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I'm writing a script that gets a count of rows for a few tables, however for some tables I want to only get a count of rows where a flag is set (in this case active=1). Is there a way I can do this in one query?


Table users has a column called active

Table clients does not have a column called active

I want to get a count of users where active=1 and just get a count of clients.

Before you say "just hard code it" this is a query that's going inside a python script that could be run on numerous different databases and I have no way of knowing what tables my script will be selecting and if they have a column called active, and I would prefer to have just one query to do it all instead of two separate ones and relying on mysql to throw an error so I know to use the other one.

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Please post SHOW CREATE TABLE users\G and SHOW CREATE TABLE clients\G and tell us if there is a userid in the clients table that references a user, or if a clientid in the user table that references a client. –  RolandoMySQLDBA Jun 19 '13 at 17:55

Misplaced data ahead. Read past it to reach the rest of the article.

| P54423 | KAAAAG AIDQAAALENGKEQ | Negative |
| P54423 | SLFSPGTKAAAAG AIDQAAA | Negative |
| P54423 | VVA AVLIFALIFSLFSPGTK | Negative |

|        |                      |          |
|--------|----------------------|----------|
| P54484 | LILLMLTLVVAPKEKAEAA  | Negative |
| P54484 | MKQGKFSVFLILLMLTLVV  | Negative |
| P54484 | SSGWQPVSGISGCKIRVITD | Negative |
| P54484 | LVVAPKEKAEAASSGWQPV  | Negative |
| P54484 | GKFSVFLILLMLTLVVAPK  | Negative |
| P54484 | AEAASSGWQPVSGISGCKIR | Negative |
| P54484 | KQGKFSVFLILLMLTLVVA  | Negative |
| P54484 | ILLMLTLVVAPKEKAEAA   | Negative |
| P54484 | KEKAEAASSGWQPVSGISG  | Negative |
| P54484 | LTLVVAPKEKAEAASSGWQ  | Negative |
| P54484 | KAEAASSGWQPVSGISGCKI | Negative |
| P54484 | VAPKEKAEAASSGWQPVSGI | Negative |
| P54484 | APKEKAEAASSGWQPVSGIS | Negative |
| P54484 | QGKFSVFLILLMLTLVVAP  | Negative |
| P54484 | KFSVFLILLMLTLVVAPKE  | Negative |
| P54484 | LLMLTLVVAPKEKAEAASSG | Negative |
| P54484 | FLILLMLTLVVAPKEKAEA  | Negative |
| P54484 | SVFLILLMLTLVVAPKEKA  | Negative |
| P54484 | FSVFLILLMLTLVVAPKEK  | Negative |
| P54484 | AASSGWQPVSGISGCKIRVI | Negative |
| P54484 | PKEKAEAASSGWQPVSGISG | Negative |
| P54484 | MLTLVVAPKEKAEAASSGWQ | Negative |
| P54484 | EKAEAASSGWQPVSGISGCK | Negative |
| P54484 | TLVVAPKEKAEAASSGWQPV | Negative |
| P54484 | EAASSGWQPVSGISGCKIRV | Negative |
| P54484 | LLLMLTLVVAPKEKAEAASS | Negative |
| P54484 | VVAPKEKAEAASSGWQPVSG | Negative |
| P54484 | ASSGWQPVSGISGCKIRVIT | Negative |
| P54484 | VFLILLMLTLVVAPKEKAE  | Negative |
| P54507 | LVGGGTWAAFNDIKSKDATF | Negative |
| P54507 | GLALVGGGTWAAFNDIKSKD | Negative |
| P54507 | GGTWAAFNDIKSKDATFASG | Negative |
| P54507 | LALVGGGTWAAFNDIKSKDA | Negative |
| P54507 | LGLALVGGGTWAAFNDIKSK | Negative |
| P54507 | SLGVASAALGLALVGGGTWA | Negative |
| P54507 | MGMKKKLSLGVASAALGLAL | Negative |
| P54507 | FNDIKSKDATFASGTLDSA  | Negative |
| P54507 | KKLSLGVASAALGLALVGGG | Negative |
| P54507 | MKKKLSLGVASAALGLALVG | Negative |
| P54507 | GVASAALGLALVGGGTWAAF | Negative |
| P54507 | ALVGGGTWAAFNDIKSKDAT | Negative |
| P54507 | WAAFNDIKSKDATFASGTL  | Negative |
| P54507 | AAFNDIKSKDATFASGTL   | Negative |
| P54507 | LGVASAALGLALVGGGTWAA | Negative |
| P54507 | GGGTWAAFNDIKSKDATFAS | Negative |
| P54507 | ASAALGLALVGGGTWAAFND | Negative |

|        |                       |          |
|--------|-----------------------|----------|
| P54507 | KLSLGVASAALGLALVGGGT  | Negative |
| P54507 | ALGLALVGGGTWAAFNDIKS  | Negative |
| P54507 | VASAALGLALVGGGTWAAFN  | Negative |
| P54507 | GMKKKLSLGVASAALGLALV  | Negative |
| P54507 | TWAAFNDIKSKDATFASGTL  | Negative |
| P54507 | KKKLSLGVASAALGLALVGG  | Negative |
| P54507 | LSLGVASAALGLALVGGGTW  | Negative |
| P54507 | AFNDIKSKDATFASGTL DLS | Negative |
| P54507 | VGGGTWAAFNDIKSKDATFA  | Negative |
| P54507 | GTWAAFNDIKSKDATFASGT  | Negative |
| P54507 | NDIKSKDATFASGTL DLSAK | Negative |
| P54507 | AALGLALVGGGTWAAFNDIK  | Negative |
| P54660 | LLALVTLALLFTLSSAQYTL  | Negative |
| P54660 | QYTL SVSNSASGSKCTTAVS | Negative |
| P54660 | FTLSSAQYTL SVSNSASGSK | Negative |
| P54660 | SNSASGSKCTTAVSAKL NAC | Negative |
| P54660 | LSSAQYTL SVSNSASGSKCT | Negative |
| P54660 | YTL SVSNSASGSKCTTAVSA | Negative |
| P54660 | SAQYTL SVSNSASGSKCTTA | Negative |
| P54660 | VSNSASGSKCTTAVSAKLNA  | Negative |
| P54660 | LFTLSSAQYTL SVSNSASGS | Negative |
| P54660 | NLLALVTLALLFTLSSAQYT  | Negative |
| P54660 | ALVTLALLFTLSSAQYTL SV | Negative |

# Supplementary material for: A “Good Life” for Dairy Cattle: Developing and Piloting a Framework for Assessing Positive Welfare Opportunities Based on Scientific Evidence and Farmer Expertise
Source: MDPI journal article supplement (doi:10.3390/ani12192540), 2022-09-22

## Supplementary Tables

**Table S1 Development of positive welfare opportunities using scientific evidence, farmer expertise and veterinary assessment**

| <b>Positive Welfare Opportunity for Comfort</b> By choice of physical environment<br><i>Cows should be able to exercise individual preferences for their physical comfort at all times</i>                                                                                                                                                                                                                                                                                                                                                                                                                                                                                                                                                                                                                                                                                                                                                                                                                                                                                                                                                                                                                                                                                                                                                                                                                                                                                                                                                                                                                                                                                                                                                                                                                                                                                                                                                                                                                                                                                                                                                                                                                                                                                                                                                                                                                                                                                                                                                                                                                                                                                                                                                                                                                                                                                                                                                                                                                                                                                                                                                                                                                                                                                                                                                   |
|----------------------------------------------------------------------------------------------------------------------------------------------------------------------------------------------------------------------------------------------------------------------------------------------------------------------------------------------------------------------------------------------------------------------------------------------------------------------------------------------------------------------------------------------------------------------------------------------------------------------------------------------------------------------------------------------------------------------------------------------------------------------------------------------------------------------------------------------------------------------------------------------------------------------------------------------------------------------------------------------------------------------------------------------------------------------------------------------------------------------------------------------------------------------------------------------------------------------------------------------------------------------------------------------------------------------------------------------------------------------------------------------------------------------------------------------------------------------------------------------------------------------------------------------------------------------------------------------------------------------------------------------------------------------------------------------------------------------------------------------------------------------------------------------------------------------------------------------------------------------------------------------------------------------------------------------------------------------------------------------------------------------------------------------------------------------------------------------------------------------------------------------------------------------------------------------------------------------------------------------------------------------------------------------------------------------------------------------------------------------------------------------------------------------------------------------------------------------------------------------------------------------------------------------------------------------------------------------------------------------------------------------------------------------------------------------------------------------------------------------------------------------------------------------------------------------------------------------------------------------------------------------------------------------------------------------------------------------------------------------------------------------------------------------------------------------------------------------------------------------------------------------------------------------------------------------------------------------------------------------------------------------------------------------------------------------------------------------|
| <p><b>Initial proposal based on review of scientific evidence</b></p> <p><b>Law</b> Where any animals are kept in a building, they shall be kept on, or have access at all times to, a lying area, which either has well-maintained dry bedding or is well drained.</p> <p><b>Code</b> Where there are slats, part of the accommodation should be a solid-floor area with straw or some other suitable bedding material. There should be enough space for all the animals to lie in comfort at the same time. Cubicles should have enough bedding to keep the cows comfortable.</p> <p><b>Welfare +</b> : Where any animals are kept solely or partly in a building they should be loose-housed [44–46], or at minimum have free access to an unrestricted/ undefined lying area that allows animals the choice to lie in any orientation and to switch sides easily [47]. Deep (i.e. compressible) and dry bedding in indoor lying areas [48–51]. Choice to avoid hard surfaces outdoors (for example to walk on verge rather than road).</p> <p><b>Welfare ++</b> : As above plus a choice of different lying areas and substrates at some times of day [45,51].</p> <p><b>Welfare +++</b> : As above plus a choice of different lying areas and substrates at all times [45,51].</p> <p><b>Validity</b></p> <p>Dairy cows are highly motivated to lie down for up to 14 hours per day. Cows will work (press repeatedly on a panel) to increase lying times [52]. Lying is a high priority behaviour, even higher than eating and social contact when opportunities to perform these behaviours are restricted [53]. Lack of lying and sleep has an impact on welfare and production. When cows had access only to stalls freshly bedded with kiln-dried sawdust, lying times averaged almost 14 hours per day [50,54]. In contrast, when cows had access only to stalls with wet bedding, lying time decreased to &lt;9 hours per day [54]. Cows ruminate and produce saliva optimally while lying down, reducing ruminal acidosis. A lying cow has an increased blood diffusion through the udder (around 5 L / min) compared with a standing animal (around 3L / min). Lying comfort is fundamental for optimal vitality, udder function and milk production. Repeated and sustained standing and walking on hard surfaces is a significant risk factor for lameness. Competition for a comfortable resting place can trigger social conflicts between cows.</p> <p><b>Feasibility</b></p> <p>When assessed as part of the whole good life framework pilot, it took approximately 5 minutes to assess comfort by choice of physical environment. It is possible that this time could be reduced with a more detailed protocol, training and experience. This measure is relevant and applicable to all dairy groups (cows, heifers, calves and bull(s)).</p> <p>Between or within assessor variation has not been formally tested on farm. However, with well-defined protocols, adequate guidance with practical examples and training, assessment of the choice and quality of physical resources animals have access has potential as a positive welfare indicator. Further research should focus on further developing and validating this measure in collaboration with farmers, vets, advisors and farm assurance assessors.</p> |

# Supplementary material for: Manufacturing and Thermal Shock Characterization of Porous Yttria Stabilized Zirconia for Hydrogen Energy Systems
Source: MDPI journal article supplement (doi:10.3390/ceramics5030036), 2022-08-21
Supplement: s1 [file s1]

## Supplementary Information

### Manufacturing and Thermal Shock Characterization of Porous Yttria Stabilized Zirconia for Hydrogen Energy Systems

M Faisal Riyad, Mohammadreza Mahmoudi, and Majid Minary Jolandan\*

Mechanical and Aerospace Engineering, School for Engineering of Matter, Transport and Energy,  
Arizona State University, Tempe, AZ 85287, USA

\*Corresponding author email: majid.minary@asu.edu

there's a clientid in user that references a client –  Matt S. Jun 19 '13 at 17:56
I need blunt clarification: In every database, does the users table have an active column? –  RolandoMySQLDBA Jun 19 '13 at 18:25
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1 Answer

up vote 9 down vote accepted

My first thought would be to use the INFORMATION_SCHEMA first, so you get to know (in one query for all tables in the MySQL instance) which tables have an active column and then use that info to construct your queries. And this is probably the most sane approach.

There is one other, tricky way though that works no matter if the table has or not such a column:

    FROM TableName AS t
    WHERE active = 1
  ) AS cnt
  ( SELECT 1 AS active
  ) AS dummy ;

Tested at SQL-Fiddle How it works?

If the table has a column named active, the query is "translated" as if it had:

    WHERE t.active = 1

If the table doesn't have a column named active, the query is "translated" as if it had:

    WHERE dummy.active = 1         -- which is true 
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Simply brilliant. (And brilliantly simple.) –  Andriy M Jun 19 '13 at 18:33
That's magical! –  Matt S. Jun 19 '13 at 18:35
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